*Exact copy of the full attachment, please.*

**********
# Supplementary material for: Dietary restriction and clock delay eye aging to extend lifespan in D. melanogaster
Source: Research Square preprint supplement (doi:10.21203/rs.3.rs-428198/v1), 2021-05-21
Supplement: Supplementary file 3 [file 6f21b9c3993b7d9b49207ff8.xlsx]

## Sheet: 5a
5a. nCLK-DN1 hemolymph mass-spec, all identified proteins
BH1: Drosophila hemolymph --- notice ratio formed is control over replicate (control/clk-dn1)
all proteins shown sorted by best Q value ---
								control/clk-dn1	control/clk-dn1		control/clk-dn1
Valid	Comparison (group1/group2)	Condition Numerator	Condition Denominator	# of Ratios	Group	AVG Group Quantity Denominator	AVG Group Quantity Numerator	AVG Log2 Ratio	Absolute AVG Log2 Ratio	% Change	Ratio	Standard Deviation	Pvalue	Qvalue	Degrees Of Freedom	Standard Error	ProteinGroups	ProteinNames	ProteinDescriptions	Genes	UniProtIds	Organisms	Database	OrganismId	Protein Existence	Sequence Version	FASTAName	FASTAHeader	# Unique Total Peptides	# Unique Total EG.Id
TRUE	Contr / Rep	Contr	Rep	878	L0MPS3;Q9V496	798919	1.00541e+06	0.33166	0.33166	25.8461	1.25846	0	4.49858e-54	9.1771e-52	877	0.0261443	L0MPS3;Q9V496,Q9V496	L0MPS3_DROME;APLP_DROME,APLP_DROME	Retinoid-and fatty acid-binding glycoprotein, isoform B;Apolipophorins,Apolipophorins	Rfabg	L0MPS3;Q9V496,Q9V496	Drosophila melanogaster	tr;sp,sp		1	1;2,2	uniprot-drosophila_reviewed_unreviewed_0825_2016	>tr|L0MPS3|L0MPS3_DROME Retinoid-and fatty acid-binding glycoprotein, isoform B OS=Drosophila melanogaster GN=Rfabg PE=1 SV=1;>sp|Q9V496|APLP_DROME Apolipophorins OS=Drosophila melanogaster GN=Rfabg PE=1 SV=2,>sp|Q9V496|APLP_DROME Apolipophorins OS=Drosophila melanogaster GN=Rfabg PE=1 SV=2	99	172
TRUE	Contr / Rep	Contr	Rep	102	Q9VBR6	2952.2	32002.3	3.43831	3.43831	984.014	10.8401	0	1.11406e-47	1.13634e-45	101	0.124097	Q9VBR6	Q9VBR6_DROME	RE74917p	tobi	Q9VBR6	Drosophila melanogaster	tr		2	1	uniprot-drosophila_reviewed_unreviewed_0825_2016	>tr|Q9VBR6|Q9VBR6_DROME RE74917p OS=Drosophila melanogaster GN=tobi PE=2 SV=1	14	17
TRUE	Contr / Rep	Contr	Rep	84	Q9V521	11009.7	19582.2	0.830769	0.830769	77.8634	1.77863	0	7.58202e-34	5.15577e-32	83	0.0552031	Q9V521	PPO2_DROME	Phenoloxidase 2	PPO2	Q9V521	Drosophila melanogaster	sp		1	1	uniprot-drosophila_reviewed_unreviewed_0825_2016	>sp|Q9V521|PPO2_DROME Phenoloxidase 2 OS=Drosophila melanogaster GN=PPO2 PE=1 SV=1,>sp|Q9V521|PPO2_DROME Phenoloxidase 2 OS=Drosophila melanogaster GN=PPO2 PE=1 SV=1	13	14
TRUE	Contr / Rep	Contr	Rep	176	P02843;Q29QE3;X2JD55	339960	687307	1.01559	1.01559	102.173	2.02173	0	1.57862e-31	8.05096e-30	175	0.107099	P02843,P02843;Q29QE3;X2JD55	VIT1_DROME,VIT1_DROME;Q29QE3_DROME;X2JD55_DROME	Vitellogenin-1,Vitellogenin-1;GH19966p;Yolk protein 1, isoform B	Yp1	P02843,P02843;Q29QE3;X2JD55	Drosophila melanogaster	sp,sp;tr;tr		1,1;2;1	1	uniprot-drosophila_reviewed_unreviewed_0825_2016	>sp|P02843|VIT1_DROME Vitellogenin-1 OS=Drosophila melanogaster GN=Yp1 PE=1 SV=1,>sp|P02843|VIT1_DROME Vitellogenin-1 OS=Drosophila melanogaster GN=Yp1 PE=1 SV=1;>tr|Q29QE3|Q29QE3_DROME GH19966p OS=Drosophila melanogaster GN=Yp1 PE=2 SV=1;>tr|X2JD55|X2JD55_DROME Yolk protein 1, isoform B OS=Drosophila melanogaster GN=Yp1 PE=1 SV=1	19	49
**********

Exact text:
# Supplementary material for: Dietary restriction and clock delay eye aging to extend lifespan in D. melanogaster
Source: Research Square preprint supplement (doi:10.21203/rs.3.rs-428198/v1), 2021-05-21
Supplement: Supplementary file 3 [file 6f21b9c3993b7d9b49207ff8.xlsx]

## Sheet: 5a
5a. nCLK-DN1 hemolymph mass-spec, all identified proteins
BH1: Drosophila hemolymph --- notice ratio formed is control over replicate (control/clk-dn1)
all proteins shown sorted by best Q value ---
								control/clk-dn1	control/clk-dn1		control/clk-dn1
Valid	Comparison (group1/group2)	Condition Numerator	Condition Denominator	# of Ratios	Group	AVG Group Quantity Denominator	AVG Group Quantity Numerator	AVG Log2 Ratio	Absolute AVG Log2 Ratio	% Change	Ratio	Standard Deviation	Pvalue	Qvalue	Degrees Of Freedom	Standard Error	ProteinGroups	ProteinNames	ProteinDescriptions	Genes	UniProtIds	Organisms	Database	OrganismId	Protein Existence	Sequence Version	FASTAName	FASTAHeader	# Unique Total Peptides	# Unique Total EG.Id
TRUE	Contr / Rep	Contr	Rep	878	L0MPS3;Q9V496	798919	1.00541e+06	0.33166	0.33166	25.8461	1.25846	0	4.49858e-54	9.1771e-52	877	0.0261443	L0MPS3;Q9V496,Q9V496	L0MPS3_DROME;APLP_DROME,APLP_DROME	Retinoid-and fatty acid-binding glycoprotein, isoform B;Apolipophorins,Apolipophorins	Rfabg	L0MPS3;Q9V496,Q9V496	Drosophila melanogaster	tr;sp,sp		1	1;2,2	uniprot-drosophila_reviewed_unreviewed_0825_2016	>tr|L0MPS3|L0MPS3_DROME Retinoid-and fatty acid-binding glycoprotein, isoform B OS=Drosophila melanogaster GN=Rfabg PE=1 SV=1;>sp|Q9V496|APLP_DROME Apolipophorins OS=Drosophila melanogaster GN=Rfabg PE=1 SV=2,>sp|Q9V496|APLP_DROME Apolipophorins OS=Drosophila melanogaster GN=Rfabg PE=1 SV=2	99	172
TRUE	Contr / Rep	Contr	Rep	102	Q9VBR6	2952.2	32002.3	3.43831	3.43831	984.014	10.8401	0	1.11406e-47	1.13634e-45	101	0.124097	Q9VBR6	Q9VBR6_DROME	RE74917p	tobi	Q9VBR6	Drosophila melanogaster	tr		2	1	uniprot-drosophila_reviewed_unreviewed_0825_2016	>tr|Q9VBR6|Q9VBR6_DROME RE74917p OS=Drosophila melanogaster GN=tobi PE=2 SV=1	14	17
TRUE	Contr / Rep	Contr	Rep	84	Q9V521	11009.7	19582.2	0.830769	0.830769	77.8634	1.77863	0	7.58202e-34	5.15577e-32	83	0.0552031	Q9V521	PPO2_DROME	Phenoloxidase 2	PPO2	Q9V521	Drosophila melanogaster	sp		1	1	uniprot-drosophila_reviewed_unreviewed_0825_2016	>sp|Q9V521|PPO2_DROME Phenoloxidase 2 OS=Drosophila melanogaster GN=PPO2 PE=1 SV=1,>sp|Q9V521|PPO2_DROME Phenoloxidase 2 OS=Drosophila melanogaster GN=PPO2 PE=1 SV=1	13	14
TRUE	Contr / Rep	Contr	Rep	176	P02843;Q29QE3;X2JD55	339960	687307	1.01559	1.01559	102.173	2.02173	0	1.57862e-31	8.05096e-30	175	0.107099	P02843,P02843;Q29QE3;X2JD55	VIT1_DROME,VIT1_DROME;Q29QE3_DROME;X2JD55_DROME	Vitellogenin-1,Vitellogenin-1;GH19966p;Yolk protein 1, isoform B	Yp1	P02843,P02843;Q29QE3;X2JD55	Drosophila melanogaster	sp,sp;tr;tr		1,1;2;1	1	uniprot-drosophila_reviewed_unreviewed_0825_2016	>sp|P02843|VIT1_DROME Vitellogenin-1 OS=Drosophila melanogaster GN=Yp1 PE=1 SV=1,>sp|P02843|VIT1_DROME Vitellogenin-1 OS=Drosophila melanogaster GN=Yp1 PE=1 SV=1;>tr|Q29QE3|Q29QE3_DROME GH19966p OS=Drosophila melanogaster GN=Yp1 PE=2 SV=1;>tr|X2JD55|X2JD55_DROME Yolk protein 1, isoform B OS=Drosophila melanogaster GN=Yp1 PE=1 SV=1	19	49